Colbert on Labor

I went to go see the Colbert Report today so I figured I'd leave you with some love for labor from the man himself: click here


Sunday, February 10, 2008

Know the FMLA

We start out our blog posts with the Coshocton Tribune and an article about the Family and Medical Leave Act (FMLA) (which a recent Society for Human Resources Management AKA SHRM survey showed is not very well-known even by Human Resources Professionals): click here

This wasn't, however, among the top 10 Human Resources resolutions of 2008 put together by Entrepreneur and MSNBC: click here

And, lastly, a nice article from the Florida Times-Union in Jacksonville about two close friends who went at it alone in Human Resources: click here

Thursday, February 07, 2008

Pond Hopping for HR News

Going over to England for two articles today from PersonnelToday, the first that says that many workers think human resources make no difference in their lives: click here

Also from PersonnelToday, advice on putting the best Human Resources ideas into practice: click here

Lastly, from the Washington Post, an article that says something that Astron Solutions has been telling you for a long time now: money may not be the most important thing to all your employees: click here

What I'm Hearing...Direct Deposit

Today, as I was driving on the 105 Freeway in Southern California, the morning radio show hosts discussed some research from the US Government (Department of Treasury, I believe). According to the study, one third of Americans do not use direct deposit. Which got me thinking.

Unfortunately, the show hosts moved to another topic after dropping this soundbyte. It would have been interesting to know how this statistic breaks down by age, geography, and a host of other demographics. Is this one-third comprised mainly of people age 50 and over? Is it mostly people who make less than $50,000 a year? Or does direct deposit status not correlate with any particular demographic?

Why would someone not choose to use direct deposit? I suspect that some would say I want to stay out of the system or I don't trust technology.

As Human Resource professionals, should we encourage all employees to use direct deposit, for the benefit of both our employees and our organizations? What can we do to encourage the one-third of Americans still on paper checks to migrate to electronic payments?

On the other hand, is there a time and a place for direct deposit? For instance, although everyone at Astron uses direct deposit for their bi-monthly paycheck, any year end bonuses awarded are paid out by live check. We believe a live check encourages the recipient to notice what they're receiving, and hopefully appreciate it more.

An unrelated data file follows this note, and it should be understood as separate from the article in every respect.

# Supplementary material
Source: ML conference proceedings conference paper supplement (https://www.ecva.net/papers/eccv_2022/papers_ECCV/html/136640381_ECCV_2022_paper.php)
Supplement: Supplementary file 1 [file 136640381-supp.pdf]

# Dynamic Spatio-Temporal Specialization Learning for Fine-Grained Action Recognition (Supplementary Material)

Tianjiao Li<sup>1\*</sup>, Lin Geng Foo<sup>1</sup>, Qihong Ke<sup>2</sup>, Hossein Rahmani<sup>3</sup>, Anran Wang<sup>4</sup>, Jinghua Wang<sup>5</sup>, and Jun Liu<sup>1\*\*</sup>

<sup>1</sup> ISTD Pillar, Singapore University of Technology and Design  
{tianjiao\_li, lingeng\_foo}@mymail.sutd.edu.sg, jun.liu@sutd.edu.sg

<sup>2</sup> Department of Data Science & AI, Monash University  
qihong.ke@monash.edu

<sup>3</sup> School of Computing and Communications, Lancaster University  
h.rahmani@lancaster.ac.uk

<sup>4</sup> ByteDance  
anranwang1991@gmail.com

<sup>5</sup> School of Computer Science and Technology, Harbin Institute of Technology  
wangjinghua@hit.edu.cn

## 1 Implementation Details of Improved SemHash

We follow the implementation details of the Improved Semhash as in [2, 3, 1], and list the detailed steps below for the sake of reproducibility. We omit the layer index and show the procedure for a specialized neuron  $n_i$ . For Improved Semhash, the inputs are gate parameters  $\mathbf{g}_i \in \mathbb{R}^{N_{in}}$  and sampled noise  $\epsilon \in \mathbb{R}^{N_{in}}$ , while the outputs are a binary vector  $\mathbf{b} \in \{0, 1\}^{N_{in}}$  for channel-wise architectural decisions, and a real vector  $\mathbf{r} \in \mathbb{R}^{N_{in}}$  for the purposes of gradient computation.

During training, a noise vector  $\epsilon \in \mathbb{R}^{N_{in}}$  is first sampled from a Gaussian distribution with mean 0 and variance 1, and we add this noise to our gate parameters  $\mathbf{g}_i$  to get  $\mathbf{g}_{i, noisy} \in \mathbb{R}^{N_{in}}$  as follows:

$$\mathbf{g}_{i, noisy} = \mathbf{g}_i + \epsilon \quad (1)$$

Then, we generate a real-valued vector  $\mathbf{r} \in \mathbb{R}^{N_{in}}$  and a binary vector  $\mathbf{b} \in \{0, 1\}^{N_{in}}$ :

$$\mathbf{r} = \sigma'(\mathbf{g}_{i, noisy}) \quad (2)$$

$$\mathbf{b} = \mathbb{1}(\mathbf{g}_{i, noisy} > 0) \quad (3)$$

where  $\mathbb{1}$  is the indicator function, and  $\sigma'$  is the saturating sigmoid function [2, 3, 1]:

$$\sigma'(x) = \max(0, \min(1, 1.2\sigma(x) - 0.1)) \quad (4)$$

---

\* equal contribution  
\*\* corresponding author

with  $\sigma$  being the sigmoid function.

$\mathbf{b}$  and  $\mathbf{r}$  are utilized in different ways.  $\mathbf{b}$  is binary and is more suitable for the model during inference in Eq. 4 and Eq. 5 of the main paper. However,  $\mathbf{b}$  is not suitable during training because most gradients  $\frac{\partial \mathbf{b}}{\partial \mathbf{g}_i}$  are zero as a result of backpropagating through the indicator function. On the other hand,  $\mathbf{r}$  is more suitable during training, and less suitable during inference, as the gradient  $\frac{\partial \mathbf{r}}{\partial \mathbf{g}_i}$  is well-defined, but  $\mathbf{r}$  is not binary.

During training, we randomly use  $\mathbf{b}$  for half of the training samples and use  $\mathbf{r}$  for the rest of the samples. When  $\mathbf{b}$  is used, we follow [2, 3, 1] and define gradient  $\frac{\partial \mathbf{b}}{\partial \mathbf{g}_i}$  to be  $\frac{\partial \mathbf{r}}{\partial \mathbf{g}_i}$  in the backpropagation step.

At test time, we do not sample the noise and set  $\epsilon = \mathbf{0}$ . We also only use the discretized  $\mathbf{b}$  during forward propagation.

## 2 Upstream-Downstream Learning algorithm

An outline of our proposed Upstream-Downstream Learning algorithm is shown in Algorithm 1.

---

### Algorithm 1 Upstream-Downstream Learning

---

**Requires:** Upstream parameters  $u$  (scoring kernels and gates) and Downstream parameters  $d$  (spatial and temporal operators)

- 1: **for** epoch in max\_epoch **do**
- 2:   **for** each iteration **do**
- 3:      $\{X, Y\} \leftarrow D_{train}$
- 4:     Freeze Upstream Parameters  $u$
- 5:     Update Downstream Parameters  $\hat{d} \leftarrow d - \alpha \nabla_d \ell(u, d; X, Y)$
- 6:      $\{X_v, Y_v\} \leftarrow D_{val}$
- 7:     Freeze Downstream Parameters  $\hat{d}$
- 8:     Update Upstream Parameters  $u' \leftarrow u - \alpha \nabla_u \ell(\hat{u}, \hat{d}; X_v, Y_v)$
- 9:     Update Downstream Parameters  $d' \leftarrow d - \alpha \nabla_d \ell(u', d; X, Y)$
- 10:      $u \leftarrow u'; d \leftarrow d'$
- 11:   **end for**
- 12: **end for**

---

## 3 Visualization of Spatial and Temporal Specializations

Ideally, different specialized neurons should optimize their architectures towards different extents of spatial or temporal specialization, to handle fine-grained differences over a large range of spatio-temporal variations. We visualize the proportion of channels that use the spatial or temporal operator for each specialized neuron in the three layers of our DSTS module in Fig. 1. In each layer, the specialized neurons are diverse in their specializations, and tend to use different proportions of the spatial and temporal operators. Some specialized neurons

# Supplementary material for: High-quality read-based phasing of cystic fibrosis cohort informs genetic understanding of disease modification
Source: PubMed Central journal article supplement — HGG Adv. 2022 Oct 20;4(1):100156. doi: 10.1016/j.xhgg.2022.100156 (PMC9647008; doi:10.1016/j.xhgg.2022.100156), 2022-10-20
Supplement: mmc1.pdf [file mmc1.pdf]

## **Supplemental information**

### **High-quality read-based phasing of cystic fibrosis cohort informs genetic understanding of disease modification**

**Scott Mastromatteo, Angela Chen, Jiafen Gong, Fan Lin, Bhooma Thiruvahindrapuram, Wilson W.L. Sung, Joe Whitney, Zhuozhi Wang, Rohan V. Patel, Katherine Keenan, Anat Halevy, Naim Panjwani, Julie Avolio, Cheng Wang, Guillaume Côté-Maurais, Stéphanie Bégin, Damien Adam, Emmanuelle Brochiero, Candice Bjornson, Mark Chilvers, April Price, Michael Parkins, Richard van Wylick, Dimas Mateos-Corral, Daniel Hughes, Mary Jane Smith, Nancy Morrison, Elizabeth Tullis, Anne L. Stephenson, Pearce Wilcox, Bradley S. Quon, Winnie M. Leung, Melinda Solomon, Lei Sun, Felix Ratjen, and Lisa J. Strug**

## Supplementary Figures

Harrasment Stops with Prevention

The HR Daily Advisor starts us off with the questions of who is being harassed in your workplace right now: click here

The best policy is not a reactive one but a preventive one...make sure to have a policy in place before some of the incidents they mentioned become a reality in your business...

Next, from the Business Review of Western Michigan, word that many employers are seeking outside help to lure good employees: click here

Lastly, we have a blog entry that asks if executive pay should be tied to firm performance: click here

Tuesday, February 05, 2008

Super Tuesday

On Super Tuesday we hope all of you got out and vote because the only wrong vote is one not cast...

First, continuing our story from yesterday is HR Daily Advisor which asks if Baby Boomers are driving us towards a health care crisis: click here

Second, from Bootstrapper's HR Bible, 100 articles every Human Resources professional should read: click here

Lastly, from a personal blog, a person's opinion about their job working in human resources: click here

What I’m Hearing…Workplace Romance

This week, Business and Legal Reports (BLR) has run a series of articles on workplace romance. The prevailing theme has been “don’t have one, but if you do, document it clearly to prevent a lawsuit.”

Are workplace romances inherently bad? I received Fortune Small Business yesterday. The cover story, Sleeping with the Boss, talks about married couples who run businesses together, and are making it work.

Various studies suggest that 20% of workplace romances become permanent. By extension, 80% end, but the studies don’t tell us if the relationships end at the same company or after one or both of the individuals has moved on to a new job.

Of any relationship that ends, does it have to be a hostile, nasty situation? Can individuals break up and still be friendly, or at least professional? I believe they can.